In some implementations, block 201 may include obtaining a substrate comprising a fiber layer lacking a binding polymer. In other implementations, block 201 may include obtaining a fiber layer having a binding polymer. For example, in some implementations, the fiber layer may be subject to an acid bath during a subsequent anodization process. Accordingly, block 201 may include obtaining a fiber layer having a binding polymer that is resistant to the acid bath. For example, block 201 may include obtaining a fiber layer having a thermosetting or UV curable resin that is resistant to the acid bath.

In some implementations, block 201 may include obtaining a substrate comprising a light metal infiltrating the fiber material. For example, the substrate may comprise a light metal infiltrated carbon fiber substrate. In some cases, the light metal may comprise aluminum, aluminum alloys, magnesium, magnesium alloys, titanium, or titanium alloys. For example, the light metal may comprise magnesium alloyed with lithium and zinc (LZ), such as LZ91, or magnesium alloyed with aluminum and zinc (AZ), such as AZ31 or AZ91. As another example, the light metal may comprise pure aluminum, or aluminum alloyed with magnesium, such as a 5000 or 6000 series aluminum alloy.

The example method may further include block 202. Block 202 may include depositing a light metal layer on the fiber layer. In some implementations, the light metal layer may be as described with respect to light metal layer 102 of FIG. 1. For example, the light metal layer may comprise aluminum, an aluminum alloy, magnesium, a magnesium alloy, titanium or a titanium alloy. In some implementations, depositing the metal layer may comprise applying the metal layer using physical vapor deposition (PVD) In particular implementations, block 202 may include depositing the metal layer inc sputter deposition. For example, the sputtering may include ion-beam sputtering (IBS), reactive sputtering, ion-assisted deposition (IAD), high-target-utilization sputtering, high-power impulse magnetron sputtering (HIPIMS), or gas flow sputtering. In these examples, block 202 may include using a sputter target comprising the metal of the light metal layer.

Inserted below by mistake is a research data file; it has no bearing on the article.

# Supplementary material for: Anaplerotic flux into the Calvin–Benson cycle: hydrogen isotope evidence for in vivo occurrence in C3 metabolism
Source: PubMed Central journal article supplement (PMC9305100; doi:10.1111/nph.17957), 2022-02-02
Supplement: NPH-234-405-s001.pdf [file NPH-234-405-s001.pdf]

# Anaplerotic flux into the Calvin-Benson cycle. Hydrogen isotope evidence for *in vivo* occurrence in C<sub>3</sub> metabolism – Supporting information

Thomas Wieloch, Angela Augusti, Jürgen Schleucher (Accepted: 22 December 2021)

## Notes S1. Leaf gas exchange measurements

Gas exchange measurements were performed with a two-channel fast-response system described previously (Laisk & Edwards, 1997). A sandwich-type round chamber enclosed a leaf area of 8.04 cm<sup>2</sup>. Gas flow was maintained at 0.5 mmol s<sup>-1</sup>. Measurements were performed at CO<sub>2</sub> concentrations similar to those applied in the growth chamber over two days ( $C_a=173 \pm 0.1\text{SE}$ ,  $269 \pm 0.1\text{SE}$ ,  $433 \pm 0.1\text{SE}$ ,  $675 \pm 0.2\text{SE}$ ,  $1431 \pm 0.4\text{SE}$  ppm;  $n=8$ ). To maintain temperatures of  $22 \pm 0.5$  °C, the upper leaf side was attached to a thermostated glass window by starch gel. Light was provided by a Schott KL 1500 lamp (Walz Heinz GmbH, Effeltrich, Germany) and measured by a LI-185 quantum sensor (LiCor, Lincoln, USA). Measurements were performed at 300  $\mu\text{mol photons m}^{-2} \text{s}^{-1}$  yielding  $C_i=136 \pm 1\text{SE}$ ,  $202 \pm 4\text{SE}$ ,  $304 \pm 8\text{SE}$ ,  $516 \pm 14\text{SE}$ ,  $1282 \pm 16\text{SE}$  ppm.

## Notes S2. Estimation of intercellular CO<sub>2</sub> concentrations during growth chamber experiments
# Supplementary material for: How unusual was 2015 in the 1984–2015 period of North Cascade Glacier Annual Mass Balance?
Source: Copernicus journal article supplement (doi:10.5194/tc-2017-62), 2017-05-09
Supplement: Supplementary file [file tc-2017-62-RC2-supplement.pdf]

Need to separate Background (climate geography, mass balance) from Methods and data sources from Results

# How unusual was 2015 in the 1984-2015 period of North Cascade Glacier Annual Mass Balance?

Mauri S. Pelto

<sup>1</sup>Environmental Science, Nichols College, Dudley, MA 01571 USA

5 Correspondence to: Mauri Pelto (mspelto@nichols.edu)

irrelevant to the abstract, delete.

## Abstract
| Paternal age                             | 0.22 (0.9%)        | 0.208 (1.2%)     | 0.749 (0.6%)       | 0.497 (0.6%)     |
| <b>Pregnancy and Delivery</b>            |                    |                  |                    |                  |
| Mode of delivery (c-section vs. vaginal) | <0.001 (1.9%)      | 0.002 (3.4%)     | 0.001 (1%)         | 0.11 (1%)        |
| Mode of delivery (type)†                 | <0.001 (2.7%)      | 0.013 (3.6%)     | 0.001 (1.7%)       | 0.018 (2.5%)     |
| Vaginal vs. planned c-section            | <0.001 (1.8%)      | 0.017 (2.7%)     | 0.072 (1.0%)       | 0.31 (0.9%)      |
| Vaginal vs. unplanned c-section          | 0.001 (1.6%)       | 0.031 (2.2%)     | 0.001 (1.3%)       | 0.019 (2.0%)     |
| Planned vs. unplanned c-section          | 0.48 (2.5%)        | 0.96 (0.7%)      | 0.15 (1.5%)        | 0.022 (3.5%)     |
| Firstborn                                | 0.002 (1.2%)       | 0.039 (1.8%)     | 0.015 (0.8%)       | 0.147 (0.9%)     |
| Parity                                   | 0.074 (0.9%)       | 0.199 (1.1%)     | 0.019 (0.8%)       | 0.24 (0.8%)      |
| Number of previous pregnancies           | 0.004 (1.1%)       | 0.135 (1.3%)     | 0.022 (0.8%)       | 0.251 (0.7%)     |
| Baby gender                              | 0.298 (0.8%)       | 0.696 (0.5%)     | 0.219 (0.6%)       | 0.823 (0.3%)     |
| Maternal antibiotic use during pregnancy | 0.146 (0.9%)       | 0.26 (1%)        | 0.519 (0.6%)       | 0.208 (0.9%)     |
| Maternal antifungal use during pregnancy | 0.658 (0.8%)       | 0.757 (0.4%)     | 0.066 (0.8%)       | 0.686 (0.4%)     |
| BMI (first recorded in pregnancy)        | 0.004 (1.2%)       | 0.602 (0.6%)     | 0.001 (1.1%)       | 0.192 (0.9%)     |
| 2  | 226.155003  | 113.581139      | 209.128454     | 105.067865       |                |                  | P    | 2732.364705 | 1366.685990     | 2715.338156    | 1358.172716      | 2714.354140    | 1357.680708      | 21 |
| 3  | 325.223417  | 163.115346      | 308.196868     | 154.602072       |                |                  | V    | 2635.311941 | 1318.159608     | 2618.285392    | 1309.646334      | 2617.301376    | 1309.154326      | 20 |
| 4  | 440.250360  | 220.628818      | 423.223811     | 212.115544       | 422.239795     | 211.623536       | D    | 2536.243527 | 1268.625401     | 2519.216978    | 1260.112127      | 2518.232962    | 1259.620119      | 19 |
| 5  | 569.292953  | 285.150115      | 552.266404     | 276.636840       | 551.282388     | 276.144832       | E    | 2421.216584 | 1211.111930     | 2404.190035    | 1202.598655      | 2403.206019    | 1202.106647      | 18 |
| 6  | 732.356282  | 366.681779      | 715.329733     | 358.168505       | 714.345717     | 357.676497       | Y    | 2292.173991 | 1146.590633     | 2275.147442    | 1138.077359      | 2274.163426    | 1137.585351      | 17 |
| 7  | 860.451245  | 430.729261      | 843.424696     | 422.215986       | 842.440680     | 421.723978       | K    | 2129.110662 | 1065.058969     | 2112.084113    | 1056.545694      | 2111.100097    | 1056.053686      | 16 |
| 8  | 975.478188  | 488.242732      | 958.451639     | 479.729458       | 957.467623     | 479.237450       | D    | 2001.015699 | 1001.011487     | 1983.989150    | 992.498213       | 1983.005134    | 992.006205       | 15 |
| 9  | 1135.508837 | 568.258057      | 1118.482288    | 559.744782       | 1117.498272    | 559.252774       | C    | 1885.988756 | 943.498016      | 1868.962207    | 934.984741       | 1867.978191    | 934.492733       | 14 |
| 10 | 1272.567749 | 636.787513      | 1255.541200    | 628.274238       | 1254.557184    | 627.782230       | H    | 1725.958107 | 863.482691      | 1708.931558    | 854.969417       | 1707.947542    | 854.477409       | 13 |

The example method may also include block 203. Block 203 may comprise oxidizing the light metal layer to form an oxidized layer on the light metal layer. For example, the oxidized layer may be as described with respect to oxidized layer 103 of FIG. 1. In some implementations, block 203 may include anodizing the light metal layer to form an anodized layer on the light metal layer. In other implementations, block 203 may include performing MAO on the light metal layer.